Changes to Federal regulations must undergo several economic analyses. First, Executive Order 12866 directs that each Federal agency shall propose or adopt a regulation only upon a reasoned determination that the benefits of the intended regulation justify its costs. Second, the Regulatory Flexibility Act of 1980 (Public Law (P.L.) 96-354) requires agencies to analyze the economic impact of regulatory changes on small entities. Third, the Trade Agreements Act (P.L. 96-39) prohibits agencies from setting standards that create unnecessary obstacles to the foreign commerce of the United States. In developing U.S. standards, this Trade Act requires agencies to consider international standards and, where appropriate, to be the basis of U.S. standards. Fourth, the Unfunded Mandates Reform Act of 1995 (P.L. 104-4) requires agencies to prepare a written assessment of the costs, benefits, and other effects of proposed or final rules that include a Federal mandate likely to result in the expenditure by State, local, or tribal governments, in the aggregate, or by the private sector, of $100 million or more annually (adjusted for inflation). This portion of the preamble summarizes the FAA's analysis of the economic impacts of this direct final rule.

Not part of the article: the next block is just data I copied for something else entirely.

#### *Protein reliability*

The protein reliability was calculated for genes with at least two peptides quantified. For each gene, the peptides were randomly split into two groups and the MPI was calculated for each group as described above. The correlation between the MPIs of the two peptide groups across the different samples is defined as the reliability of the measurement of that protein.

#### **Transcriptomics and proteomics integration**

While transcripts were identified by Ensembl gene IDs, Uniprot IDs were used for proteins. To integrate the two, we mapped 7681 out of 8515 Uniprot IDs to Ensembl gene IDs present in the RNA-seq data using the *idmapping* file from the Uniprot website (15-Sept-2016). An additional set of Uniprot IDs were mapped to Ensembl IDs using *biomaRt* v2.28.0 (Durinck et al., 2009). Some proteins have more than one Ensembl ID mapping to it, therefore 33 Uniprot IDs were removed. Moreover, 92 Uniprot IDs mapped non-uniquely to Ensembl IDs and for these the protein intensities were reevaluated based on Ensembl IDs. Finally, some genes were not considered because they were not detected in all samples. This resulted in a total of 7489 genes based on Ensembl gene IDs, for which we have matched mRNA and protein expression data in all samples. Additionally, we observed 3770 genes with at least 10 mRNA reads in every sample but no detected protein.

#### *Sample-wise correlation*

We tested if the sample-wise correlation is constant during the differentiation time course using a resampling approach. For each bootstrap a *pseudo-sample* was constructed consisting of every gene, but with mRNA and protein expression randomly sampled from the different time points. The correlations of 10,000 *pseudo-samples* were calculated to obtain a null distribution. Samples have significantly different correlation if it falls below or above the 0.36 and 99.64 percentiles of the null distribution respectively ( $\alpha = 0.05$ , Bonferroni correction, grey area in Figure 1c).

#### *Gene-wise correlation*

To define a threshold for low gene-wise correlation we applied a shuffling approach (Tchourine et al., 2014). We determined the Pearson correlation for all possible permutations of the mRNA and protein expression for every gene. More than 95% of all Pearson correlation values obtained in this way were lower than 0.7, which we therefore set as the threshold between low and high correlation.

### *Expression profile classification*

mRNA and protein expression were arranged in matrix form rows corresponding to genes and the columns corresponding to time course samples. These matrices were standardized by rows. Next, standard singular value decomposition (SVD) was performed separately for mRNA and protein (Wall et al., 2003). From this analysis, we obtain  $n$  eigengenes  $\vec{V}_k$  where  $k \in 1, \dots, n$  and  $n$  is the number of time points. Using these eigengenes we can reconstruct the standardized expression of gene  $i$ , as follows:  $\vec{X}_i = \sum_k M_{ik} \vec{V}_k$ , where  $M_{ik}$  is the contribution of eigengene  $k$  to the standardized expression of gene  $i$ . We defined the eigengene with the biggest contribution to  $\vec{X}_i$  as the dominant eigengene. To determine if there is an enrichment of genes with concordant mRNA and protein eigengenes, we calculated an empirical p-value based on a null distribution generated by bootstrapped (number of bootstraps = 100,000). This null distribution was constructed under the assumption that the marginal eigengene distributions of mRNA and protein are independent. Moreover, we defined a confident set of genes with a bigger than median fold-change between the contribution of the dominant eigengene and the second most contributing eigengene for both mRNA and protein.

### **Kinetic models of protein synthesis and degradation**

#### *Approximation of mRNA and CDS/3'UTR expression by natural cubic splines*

The Department of Transportation Order DOT 2100.5 prescribes policies and procedures for simplification, analysis, and review of regulations. If the expected cost impact is so minimal that a final rule does not warrant a full evaluation, this order allows a statement to that effect. The basis for the minimal impact must be included in the preamble, if a full regulatory evaluation of the cost and benefits is not prepared. Such a determination has been made for this rule. The reasoning for that determination follows.

Since this final rule merely revises wording to ensure the regulations are consistent throughout, this change will have a minimal impact, and a regulatory evaluation was not prepared. As noted above, the FAA requests comments with supporting justification on the FAA determination of minimal impact.